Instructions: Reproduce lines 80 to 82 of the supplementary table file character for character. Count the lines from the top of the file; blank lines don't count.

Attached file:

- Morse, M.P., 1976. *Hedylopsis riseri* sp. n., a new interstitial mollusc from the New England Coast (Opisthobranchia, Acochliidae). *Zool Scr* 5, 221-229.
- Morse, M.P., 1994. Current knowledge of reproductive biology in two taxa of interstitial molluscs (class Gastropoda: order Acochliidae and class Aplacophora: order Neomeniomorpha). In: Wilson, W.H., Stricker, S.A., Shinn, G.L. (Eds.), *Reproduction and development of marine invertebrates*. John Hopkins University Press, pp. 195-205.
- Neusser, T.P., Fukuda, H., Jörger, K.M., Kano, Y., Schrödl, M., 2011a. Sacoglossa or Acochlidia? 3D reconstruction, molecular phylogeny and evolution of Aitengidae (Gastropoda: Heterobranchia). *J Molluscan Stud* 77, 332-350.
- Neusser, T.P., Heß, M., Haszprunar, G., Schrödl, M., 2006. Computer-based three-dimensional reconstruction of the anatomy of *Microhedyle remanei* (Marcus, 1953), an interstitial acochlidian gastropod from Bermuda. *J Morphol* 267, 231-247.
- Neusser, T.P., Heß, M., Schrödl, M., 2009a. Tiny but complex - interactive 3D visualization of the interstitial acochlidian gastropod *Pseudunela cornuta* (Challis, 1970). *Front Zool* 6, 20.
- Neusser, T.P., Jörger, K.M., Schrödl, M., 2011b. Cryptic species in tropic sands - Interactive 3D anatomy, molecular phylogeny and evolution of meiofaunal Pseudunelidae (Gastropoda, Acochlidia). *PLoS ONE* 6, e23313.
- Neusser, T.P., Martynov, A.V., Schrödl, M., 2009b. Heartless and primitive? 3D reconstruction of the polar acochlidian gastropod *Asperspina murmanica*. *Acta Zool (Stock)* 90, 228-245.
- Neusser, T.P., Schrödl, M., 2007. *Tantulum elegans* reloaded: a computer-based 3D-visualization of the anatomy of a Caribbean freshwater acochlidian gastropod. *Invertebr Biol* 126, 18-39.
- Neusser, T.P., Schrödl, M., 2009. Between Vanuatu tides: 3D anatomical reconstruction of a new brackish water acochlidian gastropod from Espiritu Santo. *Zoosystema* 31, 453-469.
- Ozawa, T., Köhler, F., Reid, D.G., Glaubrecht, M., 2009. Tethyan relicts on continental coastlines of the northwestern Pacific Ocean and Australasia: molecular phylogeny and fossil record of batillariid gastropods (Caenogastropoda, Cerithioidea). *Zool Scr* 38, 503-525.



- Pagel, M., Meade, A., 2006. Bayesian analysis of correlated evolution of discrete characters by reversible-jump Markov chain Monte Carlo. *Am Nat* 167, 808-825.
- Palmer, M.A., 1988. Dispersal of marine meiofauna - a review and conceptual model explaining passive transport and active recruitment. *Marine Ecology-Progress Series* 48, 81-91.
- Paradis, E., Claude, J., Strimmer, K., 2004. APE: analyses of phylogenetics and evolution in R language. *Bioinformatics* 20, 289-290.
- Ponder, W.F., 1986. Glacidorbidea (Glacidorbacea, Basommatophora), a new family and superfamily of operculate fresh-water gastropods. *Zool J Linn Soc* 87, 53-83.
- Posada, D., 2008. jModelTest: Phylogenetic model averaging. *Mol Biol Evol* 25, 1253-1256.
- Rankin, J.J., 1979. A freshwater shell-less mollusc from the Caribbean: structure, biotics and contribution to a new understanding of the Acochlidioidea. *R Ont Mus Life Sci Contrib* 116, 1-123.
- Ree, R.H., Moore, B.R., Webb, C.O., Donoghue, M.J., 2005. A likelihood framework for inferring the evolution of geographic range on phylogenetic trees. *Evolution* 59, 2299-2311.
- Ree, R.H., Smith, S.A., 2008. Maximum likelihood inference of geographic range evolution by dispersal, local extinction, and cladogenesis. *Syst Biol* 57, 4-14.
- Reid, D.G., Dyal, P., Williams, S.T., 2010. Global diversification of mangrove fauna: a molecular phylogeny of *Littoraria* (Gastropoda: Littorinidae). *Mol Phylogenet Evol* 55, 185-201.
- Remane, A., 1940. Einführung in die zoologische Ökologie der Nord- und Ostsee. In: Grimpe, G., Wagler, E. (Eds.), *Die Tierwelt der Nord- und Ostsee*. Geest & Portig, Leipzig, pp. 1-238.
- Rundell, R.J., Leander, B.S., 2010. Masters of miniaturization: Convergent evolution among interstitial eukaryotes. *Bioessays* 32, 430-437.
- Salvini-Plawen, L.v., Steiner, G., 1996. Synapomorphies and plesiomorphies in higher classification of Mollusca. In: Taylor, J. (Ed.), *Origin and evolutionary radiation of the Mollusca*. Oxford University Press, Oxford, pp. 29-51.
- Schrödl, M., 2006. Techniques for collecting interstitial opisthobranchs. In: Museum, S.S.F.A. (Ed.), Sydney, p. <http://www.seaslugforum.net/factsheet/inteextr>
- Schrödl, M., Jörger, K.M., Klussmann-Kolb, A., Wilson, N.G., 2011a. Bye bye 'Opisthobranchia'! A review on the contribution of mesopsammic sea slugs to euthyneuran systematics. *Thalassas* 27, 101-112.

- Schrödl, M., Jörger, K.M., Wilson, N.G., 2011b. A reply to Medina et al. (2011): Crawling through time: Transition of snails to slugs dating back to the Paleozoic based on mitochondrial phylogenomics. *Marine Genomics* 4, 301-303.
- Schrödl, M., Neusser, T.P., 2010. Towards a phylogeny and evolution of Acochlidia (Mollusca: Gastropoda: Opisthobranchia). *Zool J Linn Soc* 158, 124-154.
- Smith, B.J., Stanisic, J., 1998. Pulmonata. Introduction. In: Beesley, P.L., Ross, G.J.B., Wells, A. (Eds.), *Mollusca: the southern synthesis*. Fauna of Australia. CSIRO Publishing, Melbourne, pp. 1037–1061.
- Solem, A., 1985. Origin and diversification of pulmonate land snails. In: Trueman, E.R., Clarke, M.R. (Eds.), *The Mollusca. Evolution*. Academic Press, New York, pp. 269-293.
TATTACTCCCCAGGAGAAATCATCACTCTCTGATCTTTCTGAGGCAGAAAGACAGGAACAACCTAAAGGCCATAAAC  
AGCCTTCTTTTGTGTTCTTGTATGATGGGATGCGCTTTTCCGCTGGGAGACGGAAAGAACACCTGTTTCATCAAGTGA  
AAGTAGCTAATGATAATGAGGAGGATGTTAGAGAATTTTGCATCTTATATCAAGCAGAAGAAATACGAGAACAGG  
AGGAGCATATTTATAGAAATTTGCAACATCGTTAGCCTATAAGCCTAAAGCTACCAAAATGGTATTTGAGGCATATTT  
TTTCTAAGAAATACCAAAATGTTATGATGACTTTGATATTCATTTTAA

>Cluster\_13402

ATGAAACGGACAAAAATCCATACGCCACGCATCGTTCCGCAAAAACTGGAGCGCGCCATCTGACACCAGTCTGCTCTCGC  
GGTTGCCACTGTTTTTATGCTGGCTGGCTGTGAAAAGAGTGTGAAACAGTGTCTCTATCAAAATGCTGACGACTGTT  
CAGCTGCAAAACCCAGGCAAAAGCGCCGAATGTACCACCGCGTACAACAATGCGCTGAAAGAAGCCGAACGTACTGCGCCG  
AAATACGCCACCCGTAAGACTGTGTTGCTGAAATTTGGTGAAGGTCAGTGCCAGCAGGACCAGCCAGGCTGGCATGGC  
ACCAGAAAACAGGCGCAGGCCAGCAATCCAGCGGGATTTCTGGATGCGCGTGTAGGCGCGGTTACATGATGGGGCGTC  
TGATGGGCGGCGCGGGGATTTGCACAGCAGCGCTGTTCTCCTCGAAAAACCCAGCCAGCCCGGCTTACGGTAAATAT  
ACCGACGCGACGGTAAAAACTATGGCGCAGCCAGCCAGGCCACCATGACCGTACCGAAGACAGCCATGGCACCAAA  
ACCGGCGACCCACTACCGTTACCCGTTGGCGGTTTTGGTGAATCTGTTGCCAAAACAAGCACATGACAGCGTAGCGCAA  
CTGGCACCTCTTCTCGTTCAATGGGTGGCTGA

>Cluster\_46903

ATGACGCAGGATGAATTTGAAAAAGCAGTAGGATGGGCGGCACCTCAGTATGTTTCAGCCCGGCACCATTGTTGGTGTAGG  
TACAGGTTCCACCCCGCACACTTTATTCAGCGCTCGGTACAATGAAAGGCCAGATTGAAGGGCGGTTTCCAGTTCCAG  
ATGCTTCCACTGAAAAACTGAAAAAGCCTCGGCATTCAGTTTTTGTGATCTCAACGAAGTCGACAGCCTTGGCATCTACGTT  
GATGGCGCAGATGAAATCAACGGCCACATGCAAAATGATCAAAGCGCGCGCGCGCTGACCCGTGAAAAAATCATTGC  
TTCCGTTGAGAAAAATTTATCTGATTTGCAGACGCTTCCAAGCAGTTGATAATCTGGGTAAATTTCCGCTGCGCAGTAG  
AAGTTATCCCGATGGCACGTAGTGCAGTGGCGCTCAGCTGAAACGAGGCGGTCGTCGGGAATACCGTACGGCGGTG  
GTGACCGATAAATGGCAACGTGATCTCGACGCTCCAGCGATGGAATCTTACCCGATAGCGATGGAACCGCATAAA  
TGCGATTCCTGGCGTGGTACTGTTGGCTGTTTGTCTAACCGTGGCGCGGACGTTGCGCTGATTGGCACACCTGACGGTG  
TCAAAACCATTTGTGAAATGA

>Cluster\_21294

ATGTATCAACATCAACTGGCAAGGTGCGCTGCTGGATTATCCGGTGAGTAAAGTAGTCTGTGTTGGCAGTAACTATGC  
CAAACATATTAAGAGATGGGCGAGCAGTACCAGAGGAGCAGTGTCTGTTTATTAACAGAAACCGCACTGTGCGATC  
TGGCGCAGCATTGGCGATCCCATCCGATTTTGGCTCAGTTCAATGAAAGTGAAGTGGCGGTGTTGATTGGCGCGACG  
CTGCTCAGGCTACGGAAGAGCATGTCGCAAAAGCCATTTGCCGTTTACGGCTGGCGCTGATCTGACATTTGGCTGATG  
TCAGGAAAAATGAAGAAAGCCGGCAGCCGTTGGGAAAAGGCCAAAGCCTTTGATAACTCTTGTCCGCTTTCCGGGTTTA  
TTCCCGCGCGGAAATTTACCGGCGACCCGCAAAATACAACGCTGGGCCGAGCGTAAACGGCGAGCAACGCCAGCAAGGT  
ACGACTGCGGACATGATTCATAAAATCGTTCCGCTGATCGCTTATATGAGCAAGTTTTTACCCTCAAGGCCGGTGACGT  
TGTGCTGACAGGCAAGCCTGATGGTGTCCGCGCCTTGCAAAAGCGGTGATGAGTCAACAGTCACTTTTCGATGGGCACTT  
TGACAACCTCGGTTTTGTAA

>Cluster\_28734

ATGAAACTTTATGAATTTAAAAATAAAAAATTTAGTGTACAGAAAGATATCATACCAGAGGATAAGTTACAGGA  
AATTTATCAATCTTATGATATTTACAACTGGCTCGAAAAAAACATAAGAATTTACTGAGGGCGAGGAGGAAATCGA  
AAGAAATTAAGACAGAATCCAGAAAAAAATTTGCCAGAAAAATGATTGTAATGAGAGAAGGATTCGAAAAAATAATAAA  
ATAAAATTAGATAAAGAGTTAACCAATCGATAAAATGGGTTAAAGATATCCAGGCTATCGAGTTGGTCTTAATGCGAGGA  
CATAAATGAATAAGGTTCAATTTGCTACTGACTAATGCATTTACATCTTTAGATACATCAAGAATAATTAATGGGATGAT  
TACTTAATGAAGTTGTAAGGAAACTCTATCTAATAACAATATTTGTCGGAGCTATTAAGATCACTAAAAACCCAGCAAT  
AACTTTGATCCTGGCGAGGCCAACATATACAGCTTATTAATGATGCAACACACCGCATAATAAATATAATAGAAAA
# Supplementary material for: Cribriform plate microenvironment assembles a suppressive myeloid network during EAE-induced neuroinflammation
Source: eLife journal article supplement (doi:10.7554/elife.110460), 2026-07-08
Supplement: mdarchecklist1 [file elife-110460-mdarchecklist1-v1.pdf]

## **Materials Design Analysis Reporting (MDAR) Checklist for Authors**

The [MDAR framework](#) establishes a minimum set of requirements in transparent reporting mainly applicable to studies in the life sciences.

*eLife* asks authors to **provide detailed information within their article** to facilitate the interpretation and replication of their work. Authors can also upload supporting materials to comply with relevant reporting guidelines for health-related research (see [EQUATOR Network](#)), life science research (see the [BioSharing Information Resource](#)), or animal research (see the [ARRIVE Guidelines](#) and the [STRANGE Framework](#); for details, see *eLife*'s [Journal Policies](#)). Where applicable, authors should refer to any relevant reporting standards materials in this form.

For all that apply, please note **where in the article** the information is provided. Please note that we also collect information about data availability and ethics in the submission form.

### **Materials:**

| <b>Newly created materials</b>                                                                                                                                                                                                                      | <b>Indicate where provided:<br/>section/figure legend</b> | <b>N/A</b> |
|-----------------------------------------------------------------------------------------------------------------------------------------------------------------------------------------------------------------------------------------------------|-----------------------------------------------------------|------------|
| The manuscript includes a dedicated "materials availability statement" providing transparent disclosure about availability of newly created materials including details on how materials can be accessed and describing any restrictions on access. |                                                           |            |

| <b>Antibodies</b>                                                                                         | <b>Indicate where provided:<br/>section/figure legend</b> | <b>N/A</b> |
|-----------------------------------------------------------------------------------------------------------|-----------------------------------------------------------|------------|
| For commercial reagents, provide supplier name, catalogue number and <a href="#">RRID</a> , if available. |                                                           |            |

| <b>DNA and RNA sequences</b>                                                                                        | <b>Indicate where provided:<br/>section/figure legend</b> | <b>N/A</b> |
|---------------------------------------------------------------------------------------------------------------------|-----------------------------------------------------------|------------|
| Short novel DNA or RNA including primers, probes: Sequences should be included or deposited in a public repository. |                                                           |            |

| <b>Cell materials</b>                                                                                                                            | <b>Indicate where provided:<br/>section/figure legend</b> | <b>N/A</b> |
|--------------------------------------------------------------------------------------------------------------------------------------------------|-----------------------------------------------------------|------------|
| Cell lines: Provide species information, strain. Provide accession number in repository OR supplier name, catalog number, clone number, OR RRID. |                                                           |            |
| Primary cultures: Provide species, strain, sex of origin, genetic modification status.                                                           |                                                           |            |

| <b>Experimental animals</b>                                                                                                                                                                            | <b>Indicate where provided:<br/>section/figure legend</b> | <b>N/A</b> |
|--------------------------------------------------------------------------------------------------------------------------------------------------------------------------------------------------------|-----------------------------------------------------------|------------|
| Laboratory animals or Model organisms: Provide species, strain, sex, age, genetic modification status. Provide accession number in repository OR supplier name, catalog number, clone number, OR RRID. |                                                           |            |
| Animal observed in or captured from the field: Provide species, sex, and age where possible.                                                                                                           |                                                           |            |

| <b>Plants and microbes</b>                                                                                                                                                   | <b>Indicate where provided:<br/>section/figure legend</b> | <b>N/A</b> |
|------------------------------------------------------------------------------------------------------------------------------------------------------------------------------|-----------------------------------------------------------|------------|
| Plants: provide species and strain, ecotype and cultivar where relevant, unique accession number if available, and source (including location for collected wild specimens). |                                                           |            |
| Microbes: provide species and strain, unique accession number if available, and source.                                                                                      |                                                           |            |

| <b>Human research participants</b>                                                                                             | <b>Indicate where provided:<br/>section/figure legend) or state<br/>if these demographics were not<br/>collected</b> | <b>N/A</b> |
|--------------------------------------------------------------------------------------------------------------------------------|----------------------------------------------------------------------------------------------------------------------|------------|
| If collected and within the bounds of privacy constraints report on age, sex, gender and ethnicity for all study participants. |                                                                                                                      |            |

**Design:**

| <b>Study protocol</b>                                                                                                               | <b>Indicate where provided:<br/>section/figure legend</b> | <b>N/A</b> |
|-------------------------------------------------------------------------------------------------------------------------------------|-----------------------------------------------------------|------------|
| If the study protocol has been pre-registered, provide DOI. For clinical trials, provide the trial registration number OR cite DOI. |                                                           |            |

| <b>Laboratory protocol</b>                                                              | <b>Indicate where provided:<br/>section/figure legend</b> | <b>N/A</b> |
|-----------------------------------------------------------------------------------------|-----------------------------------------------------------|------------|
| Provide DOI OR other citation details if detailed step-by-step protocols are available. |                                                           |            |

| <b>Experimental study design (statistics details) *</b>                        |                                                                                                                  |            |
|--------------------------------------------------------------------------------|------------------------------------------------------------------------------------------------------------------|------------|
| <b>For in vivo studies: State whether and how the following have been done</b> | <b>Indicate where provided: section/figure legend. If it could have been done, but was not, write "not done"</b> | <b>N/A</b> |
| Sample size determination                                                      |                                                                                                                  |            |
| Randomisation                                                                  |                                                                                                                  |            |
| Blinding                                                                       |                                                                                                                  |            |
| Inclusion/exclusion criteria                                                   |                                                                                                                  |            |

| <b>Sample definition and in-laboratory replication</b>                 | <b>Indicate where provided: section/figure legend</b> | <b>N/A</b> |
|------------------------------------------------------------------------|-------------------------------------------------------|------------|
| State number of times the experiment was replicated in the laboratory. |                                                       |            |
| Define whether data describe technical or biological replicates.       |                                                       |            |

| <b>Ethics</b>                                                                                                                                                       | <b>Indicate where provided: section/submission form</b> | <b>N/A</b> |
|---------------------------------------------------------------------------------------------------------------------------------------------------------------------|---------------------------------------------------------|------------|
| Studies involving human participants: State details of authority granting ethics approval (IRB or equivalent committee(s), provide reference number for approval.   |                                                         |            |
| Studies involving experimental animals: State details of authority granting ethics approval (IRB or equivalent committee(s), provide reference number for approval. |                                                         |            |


| <b>Newly created materials</b>                                                                                                                                                                                                                      | <b>Indicate where provided:<br/>section/figure legend</b> | <b>N/A</b> |
|-----------------------------------------------------------------------------------------------------------------------------------------------------------------------------------------------------------------------------------------------------|-----------------------------------------------------------|------------|
| The manuscript includes a dedicated "materials availability statement" providing transparent disclosure about availability of newly created materials including details on how materials can be accessed and describing any restrictions on access. |                                                           |            |